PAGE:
Polish Journalists Find Challenges In Publishing Independent Papers


A FREE press is one of the cardinal pillars of a free society, but as democratic reforms sweep Eastern Europe, editors and journalists are discovering that it's not so easy to create a truly independent news voice. Even in Poland, where for more than a decade a vast underground press flourished alongside the official, Communist-controlled news media and where Parliament is on its way to abolishing censorship, the transition is marked by pitfalls.

``I have absolutely no professional training as a journalist; I don't know how to do reporting,'' says Kostek Gebert, who was something of a media star in the underground press with fiery pro-Solidarity, anti-Communist articles written under the pen name David Warezawski. Today, still using that name, he writes openly in various publications and even had a piece in the liberal Communist weekly Polityka.

``If I'm present at political negotiations, I can do reporting because that's essentially a columnist's job, right?'' he says in an interview. ``But I tried several times to write a factual report on things I saw, keeping my comments to myself. That was sheer torture....''

``The kind of columns I did were militant columns, for a cause,'' he says. ``What you didn't try to do was paint a balanced picture, but essentially hit at the enemy's weak spots, keep up morale.... So what do you do now if you try to do your job decently? ... In the underground, more or less, you're part of a bigger whole, part of a cause.''

Mr. Gebert's dilemma is experienced not only by journalists coming out of the underground press. Under the Communists, all legal publications were censored and most editors and journalists had to belong to the party.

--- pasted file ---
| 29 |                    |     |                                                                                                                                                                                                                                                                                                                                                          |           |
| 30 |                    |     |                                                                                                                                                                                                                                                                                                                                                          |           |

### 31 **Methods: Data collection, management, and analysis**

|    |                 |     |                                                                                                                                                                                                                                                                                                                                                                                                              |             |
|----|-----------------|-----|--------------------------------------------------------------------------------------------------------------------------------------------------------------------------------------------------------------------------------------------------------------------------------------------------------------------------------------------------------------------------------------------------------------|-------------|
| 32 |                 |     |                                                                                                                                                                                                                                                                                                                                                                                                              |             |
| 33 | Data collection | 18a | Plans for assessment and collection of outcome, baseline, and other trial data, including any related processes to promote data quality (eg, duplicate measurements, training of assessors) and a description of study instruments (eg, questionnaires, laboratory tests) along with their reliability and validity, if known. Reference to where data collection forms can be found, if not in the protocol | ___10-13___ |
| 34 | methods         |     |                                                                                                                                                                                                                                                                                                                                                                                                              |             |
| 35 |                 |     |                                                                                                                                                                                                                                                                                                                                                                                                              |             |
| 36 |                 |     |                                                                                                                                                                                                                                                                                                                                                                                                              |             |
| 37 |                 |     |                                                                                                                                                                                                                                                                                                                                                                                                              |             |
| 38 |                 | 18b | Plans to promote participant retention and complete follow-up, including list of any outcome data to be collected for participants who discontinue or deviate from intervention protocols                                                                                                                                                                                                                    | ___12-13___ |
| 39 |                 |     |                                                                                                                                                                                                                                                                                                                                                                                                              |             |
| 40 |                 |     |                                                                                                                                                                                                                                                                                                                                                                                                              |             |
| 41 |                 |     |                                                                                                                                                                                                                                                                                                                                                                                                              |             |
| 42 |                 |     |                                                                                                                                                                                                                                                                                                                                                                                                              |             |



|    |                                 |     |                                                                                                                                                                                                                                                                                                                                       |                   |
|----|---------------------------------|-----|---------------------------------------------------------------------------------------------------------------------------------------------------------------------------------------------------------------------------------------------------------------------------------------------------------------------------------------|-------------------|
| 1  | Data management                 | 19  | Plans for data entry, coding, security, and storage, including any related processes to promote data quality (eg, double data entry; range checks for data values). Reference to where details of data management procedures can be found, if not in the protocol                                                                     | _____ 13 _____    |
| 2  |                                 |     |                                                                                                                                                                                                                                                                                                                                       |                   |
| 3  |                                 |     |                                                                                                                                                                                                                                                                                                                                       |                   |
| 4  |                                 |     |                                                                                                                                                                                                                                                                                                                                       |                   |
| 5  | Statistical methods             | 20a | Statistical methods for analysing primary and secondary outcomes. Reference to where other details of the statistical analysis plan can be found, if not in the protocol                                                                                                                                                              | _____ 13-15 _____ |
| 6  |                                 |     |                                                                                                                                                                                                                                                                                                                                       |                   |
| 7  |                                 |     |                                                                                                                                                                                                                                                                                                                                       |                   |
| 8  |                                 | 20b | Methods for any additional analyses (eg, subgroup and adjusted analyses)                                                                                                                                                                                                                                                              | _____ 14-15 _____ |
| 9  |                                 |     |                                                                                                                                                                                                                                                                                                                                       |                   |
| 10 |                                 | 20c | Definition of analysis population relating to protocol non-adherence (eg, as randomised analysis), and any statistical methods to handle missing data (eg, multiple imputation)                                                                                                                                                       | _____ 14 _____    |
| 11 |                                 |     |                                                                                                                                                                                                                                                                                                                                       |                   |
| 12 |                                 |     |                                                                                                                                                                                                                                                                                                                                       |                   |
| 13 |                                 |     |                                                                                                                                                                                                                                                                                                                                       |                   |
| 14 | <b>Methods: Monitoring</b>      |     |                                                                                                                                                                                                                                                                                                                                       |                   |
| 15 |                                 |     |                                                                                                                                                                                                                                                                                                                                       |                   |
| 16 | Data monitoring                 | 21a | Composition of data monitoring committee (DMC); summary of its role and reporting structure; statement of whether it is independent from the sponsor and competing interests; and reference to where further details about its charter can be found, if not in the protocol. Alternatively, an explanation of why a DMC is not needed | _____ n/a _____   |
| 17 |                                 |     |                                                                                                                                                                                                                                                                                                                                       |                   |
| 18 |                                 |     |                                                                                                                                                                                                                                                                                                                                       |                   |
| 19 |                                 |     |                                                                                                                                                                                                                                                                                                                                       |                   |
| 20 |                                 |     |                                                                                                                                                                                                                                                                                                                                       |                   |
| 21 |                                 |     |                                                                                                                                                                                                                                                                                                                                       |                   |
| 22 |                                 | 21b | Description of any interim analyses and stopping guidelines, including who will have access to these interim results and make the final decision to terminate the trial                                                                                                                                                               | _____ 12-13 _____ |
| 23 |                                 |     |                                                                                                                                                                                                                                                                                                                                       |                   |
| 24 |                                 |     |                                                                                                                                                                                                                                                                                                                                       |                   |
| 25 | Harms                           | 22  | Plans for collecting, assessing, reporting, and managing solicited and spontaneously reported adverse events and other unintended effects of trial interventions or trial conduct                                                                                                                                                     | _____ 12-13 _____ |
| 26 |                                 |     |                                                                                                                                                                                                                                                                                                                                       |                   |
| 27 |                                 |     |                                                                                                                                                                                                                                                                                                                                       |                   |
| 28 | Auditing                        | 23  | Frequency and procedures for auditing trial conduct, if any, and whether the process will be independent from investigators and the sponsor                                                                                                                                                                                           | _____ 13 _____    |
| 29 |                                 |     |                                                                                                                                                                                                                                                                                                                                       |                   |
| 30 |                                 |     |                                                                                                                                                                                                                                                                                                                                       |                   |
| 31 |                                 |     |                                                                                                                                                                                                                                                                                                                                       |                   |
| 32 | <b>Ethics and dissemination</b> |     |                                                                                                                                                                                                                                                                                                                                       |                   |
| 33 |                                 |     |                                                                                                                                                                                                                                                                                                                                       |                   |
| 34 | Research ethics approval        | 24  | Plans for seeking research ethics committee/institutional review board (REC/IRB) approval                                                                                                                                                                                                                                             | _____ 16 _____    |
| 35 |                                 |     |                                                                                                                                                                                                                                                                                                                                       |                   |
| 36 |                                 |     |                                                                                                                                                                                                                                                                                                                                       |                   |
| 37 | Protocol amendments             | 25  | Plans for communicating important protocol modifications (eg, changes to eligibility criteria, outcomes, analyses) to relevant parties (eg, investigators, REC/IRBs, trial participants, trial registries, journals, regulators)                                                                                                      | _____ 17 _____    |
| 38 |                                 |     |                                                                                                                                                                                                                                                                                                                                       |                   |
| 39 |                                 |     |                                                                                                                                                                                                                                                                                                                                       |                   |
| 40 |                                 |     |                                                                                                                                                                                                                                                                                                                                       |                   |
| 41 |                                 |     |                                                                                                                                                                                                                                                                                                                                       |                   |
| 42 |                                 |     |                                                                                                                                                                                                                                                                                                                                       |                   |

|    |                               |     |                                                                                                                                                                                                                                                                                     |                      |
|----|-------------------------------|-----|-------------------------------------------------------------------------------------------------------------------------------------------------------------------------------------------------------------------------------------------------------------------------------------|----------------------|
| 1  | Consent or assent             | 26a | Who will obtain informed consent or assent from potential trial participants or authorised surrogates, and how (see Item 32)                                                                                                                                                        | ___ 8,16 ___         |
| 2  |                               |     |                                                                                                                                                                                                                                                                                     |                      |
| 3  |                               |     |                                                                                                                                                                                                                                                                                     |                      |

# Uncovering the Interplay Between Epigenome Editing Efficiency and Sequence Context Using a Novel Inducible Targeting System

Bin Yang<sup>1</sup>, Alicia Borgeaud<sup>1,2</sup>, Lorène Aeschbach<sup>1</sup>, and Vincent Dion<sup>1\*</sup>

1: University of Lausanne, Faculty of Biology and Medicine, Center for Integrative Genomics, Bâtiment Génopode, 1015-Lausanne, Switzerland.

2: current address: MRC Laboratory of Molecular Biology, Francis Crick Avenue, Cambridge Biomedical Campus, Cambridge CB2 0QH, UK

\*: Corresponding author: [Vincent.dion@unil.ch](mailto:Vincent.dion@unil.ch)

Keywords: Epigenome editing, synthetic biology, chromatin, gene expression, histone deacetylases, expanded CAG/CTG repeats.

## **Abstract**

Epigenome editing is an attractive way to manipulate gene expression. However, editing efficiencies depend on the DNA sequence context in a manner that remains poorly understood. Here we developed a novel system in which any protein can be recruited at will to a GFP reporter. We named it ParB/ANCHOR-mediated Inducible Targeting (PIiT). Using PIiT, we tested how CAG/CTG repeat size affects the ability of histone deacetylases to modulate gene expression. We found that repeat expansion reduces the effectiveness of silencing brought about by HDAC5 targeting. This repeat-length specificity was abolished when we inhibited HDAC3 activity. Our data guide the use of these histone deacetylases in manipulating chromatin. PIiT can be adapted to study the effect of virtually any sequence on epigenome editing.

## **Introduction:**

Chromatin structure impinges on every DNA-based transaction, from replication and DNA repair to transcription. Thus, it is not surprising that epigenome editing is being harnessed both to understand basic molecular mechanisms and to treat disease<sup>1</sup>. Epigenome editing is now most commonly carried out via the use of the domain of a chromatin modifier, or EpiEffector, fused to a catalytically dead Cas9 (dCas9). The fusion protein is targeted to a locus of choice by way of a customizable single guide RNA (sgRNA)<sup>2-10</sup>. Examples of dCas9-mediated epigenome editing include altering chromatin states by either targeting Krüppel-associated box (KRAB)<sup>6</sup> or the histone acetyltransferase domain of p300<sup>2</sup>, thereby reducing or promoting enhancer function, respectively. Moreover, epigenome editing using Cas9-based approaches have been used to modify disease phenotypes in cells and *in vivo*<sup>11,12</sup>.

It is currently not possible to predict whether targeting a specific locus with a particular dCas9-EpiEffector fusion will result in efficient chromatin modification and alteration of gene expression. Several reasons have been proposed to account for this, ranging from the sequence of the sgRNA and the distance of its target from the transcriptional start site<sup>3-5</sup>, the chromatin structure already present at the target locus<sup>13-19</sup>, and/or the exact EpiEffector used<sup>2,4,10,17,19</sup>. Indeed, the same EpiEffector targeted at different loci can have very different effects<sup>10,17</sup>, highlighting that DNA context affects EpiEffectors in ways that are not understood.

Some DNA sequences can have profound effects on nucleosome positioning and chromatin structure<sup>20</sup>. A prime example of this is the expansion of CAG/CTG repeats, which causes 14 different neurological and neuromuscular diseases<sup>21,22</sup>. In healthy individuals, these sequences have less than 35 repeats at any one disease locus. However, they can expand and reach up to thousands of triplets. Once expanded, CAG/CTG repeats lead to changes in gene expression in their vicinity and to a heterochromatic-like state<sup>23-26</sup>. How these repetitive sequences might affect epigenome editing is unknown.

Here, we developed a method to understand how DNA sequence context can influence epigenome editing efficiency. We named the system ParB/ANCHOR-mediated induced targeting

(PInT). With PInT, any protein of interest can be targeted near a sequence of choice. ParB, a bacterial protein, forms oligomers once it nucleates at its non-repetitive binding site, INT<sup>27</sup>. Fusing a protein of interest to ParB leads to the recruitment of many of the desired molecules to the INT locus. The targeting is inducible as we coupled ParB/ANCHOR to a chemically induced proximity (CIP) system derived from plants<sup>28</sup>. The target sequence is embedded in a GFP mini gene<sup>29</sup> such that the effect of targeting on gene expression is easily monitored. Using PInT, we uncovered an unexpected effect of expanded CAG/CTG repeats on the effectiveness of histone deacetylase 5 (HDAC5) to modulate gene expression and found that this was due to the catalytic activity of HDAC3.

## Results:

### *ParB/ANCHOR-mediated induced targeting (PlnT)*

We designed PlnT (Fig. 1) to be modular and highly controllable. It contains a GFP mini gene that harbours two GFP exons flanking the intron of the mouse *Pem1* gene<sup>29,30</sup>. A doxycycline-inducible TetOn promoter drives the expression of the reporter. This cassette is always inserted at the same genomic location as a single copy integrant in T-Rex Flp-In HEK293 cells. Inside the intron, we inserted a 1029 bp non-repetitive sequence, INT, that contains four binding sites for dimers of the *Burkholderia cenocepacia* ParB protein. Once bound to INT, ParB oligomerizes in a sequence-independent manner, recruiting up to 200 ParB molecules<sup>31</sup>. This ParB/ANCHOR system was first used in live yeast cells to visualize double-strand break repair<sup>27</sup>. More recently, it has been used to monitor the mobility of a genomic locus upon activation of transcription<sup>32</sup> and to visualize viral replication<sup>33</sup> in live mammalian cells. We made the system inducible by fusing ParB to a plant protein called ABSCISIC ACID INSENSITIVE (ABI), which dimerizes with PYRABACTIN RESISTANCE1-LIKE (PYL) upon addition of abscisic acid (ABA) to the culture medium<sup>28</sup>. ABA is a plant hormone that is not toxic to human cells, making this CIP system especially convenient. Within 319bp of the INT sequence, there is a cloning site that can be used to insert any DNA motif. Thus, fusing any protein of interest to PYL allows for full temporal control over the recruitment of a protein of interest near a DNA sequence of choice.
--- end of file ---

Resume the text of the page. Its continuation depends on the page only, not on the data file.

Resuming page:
``It's almost impossible, like being reborn, to learn to write in a Western style, not just because of the censorship, but because of the philosophy of [Communist] journalism,'' says Andrzej Jonas, a former Communist Party member who has worked for more than 20 years in the official media, since the mid-1980s at the government information agency, Interpress.

He said it was a frustrating, stifling career until a year and a half ago, when the beginnings of change in the Communist Party enabled him and Interpress to start ``The Warsaw Voice,'' a lively news weekly published in English. His goal is for ``The Voice'' to be ``a typical, Western-style magazine'' - and also to be published in Polish.

``In the West, the main service of journalism is to bring information,'' he says. ``For Communist journalism the main reason for editing, and for writing, and for publishing is to influence society; to `teach' society, as they say. But it's propaganda. Everything that was done in Poland and other countries of the East bloc was propaganda and was done for propaganda's goals.''

The biggest-selling newspaper today in Poland is Gazeta Wyborcza (Electoral Gazette), an easy-to-read tabloid with the famous red Solidarnosc logo on its front page. The paper, averaging 400,000 copies a day, grew out of the Solidarity underground press. Its chief editor is Solidarity ideologist Adam Michnik. Many of its staffers came from the thousands of underground publications that flourished throughout the 1980s.

Deputy Editor Drzysztof Sliwinski, a Roman Catholic intellectual and Solidarity activist who is a close friend of Prime Minister Tadeusz Mazowiecki, says the paper is trying to find its own voice, independent of the union, the government, the powerful Roman Catholic Church, and any other direct influence. This is a concept many people, staffers and public alike, find difficult.

``We are fighting very much to be an independent paper,'' he says in an interview. ``Public opinion isn't used to such a situation and therefore they consider us very much as an official Solidarity paper. Whereas many people who are involved here, involved in the opposition and so on, also have no idea of the independent press.''

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